Disastrous for China

PYONGYANG/SEOUL/BERLIN | | kvdrsuedkoreachina

PYONGYANG/SEOUL/BERLIN (Own report) - Following the armed confrontation at the maritime border between South and North Korea, Berlin has increased pressure on Pyongyang. The German foreign ministry announced, it had summoned the North Korean ambassador Wednesday and protested against the deadly shelling of the Yeonpyeong Island. The escalation at the disputed maritime border was a setback for German efforts to reach unification between North and South Korea. For years, Germany has been pursuing this objective. Berlin is not only hoping to have more influence on the Korean Peninsular - claiming that in questions of reunification their qualifications are unrivaled - but also to gain comprehensive geo-strategic advantages over China. North Korea, according to Chinese experts, serves as a "buffer zone" between the People's Republic of China and the US troops stationed in South Korea. On the other hand, for years, Germany has been furnishing South Korea with weaponry. South Korea is at the top of Germany's list of customers for its combat material - most recently in first place.

Fatal Shots

Tensions have persisted between South and North Korea since the most recent armed confrontation. Last Tuesday there was an exchange of fire at the maritime border near the Yeonpyeong Island, killing two civilians and two soldiers from South Korea and wounding 15 soldiers. Various buildings were damaged on Yeonpyeong. Seoul says Pyongyang attacked for no reason. Pyongyang declared that South Korean warships opened fire on North Korean territory first. The assessment of the facts is made more difficult because Pyongyang does not recognize the maritime border set by the United Nations under Western influence and because Seoul was carrying out naval maneuvers - including firing live ammunition - in the disputed area, at the time of the escalation. This exchange of fire is the second deadly incident this year. On March 26, a South Korean corvette was destroyed and sunk. None of the 46 sailors survived. After having had initial doubts, Seoul is now convinced that the ship had been deliberately targeted by the North Korean Navy. Pyongyang denies this. The deadly incident in March also took place during a South Korean maneuver in the disputed maritime border area.[1]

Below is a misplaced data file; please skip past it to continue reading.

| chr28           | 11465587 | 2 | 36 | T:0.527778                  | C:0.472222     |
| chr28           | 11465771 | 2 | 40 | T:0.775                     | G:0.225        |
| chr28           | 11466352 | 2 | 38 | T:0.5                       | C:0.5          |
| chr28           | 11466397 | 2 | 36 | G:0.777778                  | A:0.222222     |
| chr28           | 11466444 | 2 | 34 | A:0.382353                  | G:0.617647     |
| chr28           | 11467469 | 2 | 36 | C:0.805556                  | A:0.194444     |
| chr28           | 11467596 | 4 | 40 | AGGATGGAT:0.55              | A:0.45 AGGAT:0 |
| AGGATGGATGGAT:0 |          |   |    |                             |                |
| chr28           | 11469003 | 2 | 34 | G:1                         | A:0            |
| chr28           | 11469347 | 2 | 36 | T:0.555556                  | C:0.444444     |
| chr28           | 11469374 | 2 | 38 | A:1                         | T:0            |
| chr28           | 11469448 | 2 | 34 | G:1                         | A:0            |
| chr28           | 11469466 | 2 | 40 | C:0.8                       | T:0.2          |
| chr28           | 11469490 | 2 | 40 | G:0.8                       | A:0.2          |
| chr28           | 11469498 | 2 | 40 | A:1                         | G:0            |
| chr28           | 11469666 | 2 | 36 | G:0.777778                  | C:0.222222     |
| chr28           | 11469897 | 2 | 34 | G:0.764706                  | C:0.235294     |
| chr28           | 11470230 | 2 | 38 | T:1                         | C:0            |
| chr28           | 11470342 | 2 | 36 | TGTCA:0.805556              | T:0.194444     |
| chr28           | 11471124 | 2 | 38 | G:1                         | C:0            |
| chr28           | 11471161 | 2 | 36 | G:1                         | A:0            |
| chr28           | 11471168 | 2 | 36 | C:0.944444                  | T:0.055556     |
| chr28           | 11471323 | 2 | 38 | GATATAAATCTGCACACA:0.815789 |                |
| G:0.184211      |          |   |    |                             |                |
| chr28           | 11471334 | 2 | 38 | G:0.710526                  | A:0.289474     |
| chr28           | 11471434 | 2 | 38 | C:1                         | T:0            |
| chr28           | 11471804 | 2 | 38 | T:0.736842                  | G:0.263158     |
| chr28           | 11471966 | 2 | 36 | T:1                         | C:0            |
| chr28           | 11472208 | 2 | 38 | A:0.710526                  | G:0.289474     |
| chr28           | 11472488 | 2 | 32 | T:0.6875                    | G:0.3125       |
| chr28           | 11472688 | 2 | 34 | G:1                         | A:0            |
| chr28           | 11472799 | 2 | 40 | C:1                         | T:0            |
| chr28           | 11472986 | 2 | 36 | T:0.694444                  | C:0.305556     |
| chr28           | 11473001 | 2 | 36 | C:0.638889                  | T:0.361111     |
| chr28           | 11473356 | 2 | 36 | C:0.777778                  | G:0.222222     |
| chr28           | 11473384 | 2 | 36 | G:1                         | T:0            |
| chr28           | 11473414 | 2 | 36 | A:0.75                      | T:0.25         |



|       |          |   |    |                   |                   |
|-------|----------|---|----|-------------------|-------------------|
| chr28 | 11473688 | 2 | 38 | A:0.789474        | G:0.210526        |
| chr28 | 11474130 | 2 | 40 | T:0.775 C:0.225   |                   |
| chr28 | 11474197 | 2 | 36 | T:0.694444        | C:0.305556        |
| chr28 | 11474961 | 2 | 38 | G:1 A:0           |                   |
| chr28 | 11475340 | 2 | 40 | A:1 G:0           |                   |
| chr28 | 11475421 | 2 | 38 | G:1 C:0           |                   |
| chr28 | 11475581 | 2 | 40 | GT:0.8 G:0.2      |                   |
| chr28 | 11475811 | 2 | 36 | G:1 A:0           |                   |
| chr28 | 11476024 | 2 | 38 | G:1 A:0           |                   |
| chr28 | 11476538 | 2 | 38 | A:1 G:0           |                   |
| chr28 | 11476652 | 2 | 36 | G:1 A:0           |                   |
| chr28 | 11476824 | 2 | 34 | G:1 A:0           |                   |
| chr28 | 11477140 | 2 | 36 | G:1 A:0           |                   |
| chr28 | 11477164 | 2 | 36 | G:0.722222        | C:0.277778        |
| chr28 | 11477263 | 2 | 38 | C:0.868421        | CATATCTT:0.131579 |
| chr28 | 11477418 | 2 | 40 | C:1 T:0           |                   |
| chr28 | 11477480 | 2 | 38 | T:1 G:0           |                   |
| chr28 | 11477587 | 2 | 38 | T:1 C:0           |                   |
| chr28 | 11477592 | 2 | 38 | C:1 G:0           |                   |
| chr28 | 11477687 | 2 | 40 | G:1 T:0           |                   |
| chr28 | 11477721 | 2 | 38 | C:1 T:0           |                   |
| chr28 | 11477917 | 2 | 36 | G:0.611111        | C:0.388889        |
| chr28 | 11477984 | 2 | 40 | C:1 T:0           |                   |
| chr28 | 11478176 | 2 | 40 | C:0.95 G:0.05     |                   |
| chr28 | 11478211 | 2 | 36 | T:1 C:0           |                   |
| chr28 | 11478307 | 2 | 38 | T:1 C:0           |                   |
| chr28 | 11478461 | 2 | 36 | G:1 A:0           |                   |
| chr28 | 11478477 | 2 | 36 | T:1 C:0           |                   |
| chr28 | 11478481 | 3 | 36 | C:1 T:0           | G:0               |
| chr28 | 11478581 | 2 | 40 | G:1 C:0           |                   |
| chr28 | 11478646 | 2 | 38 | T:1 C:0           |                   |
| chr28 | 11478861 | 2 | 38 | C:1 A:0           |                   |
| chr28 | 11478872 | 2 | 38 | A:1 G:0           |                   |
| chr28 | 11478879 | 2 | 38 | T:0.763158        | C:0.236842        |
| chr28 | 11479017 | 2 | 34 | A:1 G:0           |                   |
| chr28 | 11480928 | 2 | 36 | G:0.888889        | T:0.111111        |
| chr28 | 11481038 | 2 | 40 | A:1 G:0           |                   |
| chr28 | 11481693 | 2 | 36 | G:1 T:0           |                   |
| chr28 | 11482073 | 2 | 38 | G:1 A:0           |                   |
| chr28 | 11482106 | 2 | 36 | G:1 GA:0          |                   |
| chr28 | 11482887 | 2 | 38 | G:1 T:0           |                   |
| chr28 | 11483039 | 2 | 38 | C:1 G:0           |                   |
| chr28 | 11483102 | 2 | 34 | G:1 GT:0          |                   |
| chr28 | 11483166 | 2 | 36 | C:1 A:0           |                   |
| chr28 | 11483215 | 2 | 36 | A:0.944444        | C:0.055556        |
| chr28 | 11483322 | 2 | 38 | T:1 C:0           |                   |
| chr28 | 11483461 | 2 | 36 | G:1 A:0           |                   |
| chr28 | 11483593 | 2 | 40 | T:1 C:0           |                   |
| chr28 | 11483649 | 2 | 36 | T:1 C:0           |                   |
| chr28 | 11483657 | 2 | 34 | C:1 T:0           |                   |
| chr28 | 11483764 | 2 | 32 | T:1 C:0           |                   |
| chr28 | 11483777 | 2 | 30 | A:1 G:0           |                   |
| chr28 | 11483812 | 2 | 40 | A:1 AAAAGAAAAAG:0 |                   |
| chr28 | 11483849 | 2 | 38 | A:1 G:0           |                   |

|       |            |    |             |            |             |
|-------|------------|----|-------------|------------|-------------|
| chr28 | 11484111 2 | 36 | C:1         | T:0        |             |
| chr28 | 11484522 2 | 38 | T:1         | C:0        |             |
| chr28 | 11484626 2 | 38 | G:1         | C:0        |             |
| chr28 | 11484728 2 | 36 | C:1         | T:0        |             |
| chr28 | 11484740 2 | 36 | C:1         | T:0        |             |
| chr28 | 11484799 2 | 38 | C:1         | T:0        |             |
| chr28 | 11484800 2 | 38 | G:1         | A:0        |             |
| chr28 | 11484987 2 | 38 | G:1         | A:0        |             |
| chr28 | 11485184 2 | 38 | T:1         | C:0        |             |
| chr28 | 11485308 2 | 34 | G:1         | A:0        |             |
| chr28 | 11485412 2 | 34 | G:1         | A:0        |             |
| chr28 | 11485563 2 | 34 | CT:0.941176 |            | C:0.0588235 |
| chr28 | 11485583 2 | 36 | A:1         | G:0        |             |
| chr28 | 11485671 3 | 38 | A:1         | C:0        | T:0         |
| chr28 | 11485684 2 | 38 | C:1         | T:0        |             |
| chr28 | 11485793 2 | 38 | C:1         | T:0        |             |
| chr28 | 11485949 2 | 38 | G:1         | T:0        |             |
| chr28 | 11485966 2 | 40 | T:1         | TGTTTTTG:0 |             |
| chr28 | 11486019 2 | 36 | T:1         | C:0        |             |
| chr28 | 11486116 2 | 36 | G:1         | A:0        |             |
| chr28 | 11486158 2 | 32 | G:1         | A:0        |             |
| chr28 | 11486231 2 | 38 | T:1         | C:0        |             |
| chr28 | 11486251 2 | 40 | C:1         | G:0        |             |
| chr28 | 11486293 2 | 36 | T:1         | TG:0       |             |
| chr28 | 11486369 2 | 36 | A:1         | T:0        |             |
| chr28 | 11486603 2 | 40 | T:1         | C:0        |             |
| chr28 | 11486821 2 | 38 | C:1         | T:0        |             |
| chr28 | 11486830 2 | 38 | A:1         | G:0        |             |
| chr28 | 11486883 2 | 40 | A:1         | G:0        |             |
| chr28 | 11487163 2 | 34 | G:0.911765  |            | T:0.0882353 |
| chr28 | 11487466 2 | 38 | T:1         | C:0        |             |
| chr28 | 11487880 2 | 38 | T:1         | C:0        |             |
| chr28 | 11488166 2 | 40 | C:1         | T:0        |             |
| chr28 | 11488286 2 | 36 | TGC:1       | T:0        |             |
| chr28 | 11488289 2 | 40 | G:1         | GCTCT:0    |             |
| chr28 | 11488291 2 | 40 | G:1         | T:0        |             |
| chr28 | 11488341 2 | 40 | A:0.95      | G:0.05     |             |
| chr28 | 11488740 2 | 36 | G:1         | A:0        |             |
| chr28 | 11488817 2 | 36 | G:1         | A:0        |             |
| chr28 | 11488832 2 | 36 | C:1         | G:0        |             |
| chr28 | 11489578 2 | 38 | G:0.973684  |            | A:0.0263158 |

Unification Experts

For years, Germany has been preoccupied with relations between South and North Korea. Berlin's efforts have been aimed particularly at achieving a "reunification" of the two countries. German organizations, particularly the party affiliated foundations, above all the FDP-affiliated Friedrich Naumann Foundation, are present in Seoul with corresponding programs and are making efforts to intensify their contacts to Pyongyang.[2] Berlin declares that, due to its experience with the annexation of the German Democratic Republic, Germany is in the best position to be helpful in a fusion of South and North Korea - hoping to play an active and effective role that will insure its influence on the Korean Peninsular. Just recently German experts concluded that the new generation that has now come to power in Pyongyang, is prepared to open up North Korea to the West. (german-foreign-policy.com reported.[3]) The escalation of belligerency at the maritime border between the two Koreas, is taking place at a time of possible wide-ranging transformations in Pyongyang.